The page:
Sometimes I have the feeling that everything that needed to be said has already been said. Take Facebook again for example. People post and repost words that don’t belong to them. In certain way, we have all cheap preachers,  teachers, aspiring sages. I’m afraid that popularity has become more important that being truthful, authentic or meaningful. What’s the point in all this sharing of bits of wisdom?

Facebook and the like have become overwhelming for many people I know. I use my personal account on Facebook to read news, mind you!

It is impossible to keep up with all that is being said. These Internet sites, anything “social media,” and not counting time playing games, is consuming most of our free time even though of course you don’t read all your friends post. I see people on waiting rooms, on Starbucks, in the restaurants, and even driving! with their eyes on the iphone. And that’s a problem, because for the sake of socializing online we’re not socialize in real time.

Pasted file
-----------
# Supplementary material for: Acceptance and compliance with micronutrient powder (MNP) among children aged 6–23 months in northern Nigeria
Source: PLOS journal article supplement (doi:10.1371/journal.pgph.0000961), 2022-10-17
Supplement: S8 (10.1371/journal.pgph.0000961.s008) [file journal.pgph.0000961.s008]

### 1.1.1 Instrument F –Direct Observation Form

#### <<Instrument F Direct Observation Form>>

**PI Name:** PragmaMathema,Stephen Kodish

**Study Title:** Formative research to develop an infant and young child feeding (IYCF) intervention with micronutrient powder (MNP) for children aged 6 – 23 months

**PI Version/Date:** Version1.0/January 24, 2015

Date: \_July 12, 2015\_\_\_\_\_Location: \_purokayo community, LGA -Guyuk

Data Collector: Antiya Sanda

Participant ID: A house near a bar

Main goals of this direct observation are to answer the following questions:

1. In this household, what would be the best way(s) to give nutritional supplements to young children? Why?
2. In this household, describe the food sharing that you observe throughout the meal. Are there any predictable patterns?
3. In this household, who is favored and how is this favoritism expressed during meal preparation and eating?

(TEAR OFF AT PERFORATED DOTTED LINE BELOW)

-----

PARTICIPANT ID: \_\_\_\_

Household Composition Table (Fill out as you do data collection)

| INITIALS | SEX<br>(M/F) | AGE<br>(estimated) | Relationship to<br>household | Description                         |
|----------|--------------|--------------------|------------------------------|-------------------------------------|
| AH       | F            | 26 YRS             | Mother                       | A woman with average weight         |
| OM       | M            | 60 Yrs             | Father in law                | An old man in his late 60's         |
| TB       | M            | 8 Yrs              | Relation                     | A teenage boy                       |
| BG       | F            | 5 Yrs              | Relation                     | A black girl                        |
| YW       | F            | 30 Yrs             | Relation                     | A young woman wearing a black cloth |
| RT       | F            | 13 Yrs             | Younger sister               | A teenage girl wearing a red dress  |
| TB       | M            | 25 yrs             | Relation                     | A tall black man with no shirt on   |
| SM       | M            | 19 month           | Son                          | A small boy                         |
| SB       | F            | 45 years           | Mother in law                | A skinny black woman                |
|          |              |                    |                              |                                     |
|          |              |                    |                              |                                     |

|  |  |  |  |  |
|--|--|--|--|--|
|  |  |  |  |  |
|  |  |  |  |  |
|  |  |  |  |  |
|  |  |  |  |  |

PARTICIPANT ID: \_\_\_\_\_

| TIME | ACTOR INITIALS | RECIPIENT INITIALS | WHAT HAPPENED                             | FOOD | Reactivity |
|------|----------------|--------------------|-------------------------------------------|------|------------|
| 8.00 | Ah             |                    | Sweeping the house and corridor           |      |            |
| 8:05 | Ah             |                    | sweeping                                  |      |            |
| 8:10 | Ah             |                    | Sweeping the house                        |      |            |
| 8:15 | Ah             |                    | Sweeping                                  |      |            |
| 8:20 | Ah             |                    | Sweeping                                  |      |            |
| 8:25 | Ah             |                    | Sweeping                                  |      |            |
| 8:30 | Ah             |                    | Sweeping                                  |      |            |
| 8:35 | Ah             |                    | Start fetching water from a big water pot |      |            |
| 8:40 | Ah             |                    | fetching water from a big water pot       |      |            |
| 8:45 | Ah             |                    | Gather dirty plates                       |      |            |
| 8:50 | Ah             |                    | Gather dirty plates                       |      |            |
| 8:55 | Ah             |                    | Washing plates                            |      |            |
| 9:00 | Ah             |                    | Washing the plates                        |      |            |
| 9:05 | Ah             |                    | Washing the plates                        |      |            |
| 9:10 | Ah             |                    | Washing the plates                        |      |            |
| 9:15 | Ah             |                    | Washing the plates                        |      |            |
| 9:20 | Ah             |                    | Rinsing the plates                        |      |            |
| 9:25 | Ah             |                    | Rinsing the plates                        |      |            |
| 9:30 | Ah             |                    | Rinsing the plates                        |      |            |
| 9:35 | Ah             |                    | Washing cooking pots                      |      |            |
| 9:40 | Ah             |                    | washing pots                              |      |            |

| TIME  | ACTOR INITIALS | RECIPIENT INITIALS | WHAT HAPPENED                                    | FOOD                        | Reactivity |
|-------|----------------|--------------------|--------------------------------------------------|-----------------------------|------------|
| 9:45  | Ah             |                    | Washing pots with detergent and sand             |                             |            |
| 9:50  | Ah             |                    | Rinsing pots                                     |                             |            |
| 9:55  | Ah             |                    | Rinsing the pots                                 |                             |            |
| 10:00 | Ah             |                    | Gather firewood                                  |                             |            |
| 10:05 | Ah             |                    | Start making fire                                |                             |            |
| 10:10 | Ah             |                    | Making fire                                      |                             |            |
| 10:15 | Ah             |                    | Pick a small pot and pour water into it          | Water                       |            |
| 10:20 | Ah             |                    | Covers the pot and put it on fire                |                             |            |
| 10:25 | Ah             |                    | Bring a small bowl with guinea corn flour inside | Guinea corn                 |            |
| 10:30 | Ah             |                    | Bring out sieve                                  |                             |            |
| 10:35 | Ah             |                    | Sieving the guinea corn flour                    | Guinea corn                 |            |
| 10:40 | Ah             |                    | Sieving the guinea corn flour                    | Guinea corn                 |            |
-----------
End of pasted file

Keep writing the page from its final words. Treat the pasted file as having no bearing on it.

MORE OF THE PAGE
Besides, everything has become public: the grief experienced after a significant loss, the anniversary of your mom’s death, the first time that your child used the potty, what your boss told you this morning, the brand of the toast you ate. But do we really want or need to know that much?

I’m on the alert for anything that ends up alienating us and preventing us from exercising our critical thinking.

I can see how the social can be an instrument for change and it’s great to reconnect with friends from the past that we haven’t seen in ages. But, with a few exceptions of advocacy and protests that have gone viral and generated change, Facebook and other social media give us the illusion of a connection that doesn’t really exist. If we were feeling lonely before this madness exploded, we are even lonelier now. Dependent on a like click.

Just think a little. What’s a friend? Who is a friend?